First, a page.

This is relatively unusual. Most metaphors in public discourse get dissected every which way. Look at “Iraq=Vietnam”, “Saddam=Hitler”, “Current financial crisis=X other financial crisis”. All of these were dissected and very inventively reassembled mapping by mapping. E.g. If Saddam is Hitler then we can choose between being France or Britain. If Iraq is Vietnam than we must count the wounded as dead and must look for media swaying public opinion. Etc. Etc. We might argue that doves adn hawks are relatively dead metaphors but Palin’s crosshairs got dissected in minute detail and “having somebody in your cross hairs” no more implies that you’re going to shoot them than does being a dove imply you have wings.
So why didn’t anybody in the contentious debate over the Iraq war come up with this obvious extension of the “doves/hawks=democrats/republicans” metaphor? I would expect at least something along the lines of “the hawks went fiercely after the doves and tore them to shreds in the elections”. But there’s nothing. So, what gives?
Some years ago in a book review, I made an off-the-cuff comment that thriller writers tend to be quite wright-wing in their outlook whereas science fiction authors are much more progressive and leftist. This is obviously an undue generalisation (as most of such comments tend to be) but it felt intuitively right. Even then I thought of Michael Chricton as the obvious counterexample – a thirller writer with distinctly liberal leanings – but I couldn’t think of a science fiction writer that would provide the counterexample. I put this down to my lack of comprehensive sci-fi reading and thought nothing more of it. Now, I’m not even sure that the general trend is there or at least that the implications are very straightforward.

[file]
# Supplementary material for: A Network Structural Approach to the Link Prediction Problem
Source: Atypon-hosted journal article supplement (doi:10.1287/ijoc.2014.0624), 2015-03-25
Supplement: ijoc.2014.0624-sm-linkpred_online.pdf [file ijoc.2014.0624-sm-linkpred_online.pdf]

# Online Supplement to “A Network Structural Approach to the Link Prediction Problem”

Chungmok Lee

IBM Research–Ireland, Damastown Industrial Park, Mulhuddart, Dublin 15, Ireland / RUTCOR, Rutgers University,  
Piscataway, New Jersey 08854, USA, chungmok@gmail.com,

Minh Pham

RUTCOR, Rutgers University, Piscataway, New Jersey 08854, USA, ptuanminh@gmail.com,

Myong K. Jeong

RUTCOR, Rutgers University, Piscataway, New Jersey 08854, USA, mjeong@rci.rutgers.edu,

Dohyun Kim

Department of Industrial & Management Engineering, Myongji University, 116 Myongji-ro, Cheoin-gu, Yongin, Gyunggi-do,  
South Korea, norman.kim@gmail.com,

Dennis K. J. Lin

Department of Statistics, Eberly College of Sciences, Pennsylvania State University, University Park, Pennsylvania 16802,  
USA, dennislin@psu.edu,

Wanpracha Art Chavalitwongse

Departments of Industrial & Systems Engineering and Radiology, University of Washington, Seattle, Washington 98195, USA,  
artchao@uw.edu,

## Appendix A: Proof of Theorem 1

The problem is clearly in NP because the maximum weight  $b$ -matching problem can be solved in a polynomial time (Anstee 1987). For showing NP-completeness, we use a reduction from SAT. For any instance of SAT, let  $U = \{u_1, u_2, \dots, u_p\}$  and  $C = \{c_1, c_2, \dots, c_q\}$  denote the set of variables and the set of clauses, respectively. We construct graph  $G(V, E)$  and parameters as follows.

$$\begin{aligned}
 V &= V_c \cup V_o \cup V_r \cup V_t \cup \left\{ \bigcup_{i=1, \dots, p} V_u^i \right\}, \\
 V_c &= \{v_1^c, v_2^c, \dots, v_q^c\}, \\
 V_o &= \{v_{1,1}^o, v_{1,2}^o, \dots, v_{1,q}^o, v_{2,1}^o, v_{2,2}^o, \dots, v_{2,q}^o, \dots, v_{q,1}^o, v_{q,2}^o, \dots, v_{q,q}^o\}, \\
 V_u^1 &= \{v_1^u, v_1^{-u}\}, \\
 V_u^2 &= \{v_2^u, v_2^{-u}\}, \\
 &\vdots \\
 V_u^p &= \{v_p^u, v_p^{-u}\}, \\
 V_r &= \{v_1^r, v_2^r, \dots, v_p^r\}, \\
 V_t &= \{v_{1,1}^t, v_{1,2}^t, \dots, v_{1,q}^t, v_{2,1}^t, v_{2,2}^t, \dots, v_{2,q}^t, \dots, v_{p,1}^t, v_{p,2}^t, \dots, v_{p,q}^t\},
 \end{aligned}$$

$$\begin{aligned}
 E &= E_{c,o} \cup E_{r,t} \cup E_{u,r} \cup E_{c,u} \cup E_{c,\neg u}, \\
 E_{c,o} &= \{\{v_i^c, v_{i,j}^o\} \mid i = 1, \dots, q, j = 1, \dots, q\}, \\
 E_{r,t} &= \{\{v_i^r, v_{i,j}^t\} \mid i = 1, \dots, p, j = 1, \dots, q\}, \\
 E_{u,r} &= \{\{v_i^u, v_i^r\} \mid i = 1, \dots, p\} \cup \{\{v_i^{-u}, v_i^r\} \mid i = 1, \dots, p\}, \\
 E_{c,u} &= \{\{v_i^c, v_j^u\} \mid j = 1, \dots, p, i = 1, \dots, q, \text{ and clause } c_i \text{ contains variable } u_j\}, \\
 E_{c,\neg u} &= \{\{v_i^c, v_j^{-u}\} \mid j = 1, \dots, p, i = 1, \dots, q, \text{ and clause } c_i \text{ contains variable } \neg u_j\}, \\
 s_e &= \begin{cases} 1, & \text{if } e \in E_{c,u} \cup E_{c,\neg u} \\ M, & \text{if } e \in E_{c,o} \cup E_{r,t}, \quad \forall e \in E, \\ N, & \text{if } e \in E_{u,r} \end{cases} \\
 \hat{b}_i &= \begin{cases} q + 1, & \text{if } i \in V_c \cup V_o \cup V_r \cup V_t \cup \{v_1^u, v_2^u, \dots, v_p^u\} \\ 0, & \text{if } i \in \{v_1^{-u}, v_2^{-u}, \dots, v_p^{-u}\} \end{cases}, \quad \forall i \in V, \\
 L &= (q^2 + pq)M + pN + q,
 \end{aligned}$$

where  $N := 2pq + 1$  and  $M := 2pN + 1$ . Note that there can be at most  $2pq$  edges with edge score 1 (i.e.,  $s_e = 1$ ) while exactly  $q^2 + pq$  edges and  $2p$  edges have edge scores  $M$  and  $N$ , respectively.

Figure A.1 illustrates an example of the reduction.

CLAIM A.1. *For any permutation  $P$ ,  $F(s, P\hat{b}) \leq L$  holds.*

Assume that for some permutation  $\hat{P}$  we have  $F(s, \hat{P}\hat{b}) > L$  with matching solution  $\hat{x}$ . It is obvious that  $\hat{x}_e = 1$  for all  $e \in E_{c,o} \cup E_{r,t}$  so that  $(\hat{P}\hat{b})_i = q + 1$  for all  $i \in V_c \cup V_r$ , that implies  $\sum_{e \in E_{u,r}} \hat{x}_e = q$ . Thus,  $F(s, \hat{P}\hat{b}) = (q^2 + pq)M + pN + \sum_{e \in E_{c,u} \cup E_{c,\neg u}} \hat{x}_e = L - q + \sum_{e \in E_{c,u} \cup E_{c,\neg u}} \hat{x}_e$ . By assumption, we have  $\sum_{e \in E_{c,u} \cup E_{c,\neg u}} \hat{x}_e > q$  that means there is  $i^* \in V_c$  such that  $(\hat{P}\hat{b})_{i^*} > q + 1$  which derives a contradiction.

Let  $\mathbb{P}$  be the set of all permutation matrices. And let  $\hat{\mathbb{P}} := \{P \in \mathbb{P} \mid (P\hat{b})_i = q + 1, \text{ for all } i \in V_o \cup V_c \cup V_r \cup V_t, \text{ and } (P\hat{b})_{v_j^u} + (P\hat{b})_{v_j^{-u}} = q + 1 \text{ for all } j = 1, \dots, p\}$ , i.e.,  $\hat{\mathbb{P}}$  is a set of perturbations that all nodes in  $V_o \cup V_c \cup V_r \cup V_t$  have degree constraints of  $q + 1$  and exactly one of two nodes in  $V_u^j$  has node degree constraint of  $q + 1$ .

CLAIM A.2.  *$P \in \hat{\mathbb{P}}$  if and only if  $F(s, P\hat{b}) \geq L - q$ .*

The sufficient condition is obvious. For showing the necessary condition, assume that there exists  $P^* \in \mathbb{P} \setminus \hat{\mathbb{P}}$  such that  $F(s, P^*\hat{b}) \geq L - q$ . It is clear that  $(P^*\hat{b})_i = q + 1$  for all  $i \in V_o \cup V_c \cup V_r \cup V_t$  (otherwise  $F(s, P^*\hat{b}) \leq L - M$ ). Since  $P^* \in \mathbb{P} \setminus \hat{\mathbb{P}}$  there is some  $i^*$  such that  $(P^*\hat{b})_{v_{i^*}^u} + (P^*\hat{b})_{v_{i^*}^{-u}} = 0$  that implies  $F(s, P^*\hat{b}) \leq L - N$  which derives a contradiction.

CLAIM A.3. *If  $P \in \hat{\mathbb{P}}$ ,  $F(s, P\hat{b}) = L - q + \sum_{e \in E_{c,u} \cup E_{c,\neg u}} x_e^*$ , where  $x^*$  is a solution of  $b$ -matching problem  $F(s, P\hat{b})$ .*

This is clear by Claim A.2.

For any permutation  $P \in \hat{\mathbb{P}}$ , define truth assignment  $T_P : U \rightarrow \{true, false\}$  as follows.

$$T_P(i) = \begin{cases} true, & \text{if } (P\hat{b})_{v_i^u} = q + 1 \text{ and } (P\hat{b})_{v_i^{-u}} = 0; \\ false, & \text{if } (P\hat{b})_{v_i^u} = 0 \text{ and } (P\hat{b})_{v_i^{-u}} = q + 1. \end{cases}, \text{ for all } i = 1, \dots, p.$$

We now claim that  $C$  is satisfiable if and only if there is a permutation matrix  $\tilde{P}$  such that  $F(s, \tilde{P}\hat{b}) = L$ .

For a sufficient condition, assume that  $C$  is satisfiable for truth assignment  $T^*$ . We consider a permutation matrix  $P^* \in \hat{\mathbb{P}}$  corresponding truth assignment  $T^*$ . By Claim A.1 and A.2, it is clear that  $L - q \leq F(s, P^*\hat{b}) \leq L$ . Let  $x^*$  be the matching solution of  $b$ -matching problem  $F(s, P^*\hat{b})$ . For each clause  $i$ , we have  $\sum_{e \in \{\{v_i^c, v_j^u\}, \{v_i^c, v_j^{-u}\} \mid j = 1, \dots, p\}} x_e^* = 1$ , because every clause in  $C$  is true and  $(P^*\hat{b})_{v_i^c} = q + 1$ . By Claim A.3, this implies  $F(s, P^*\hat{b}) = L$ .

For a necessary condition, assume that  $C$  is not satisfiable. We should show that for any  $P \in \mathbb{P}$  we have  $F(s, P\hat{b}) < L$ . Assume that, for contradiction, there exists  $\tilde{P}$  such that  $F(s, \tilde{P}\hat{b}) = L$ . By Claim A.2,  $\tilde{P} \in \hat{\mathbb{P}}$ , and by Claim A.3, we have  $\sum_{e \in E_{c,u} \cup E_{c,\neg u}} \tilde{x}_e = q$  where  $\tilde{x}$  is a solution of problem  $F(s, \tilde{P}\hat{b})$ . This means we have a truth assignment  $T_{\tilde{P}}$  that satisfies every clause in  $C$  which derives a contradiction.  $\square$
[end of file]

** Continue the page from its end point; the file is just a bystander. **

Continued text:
Recently, I was listening to the excellent public policy lectures by Mark Kleiman and remembered that years ago, I’d read some similar suggestions in the Bio of the Space Tyrant by Pierce Anthony. It wasn’t a book (or rather a book series) I was going to reread but I set to it with a researcher’s determination. And frankly, I was shocked.
What I found was not a vision of a better society (Anthony projects the global politics of his day – the early 80s – into the Solar system 600 years hence) but rather a grotesque depiction of what the elites of the day would consider ‘common-sense’ policies: free-market entrepreneurship with social justice with a few twists. It was anti-corporalist and individualist on the surface but with a strong sense of collective duty (and pro-militarism) that was much more reminiscent of fascism than communism. It espoused strong, charismatic leadership with a sense of duty and most of all a belief in the necessity of change led by common sense. The needs of the collective justified the suppression of the individual in almost any way. But all of this is couched in good liberal politics (like the free press, free enterprise, etc.)
It is not clear whether Anthony means this as a parody of a fascist utopia but there are no hints there that this is the case. The overwhelming sense I get from this book is one of frustration of the intellectual elite that nobody is listening to what they have to say and a perverted picture of what the world would be like if they only got to start over with their policies.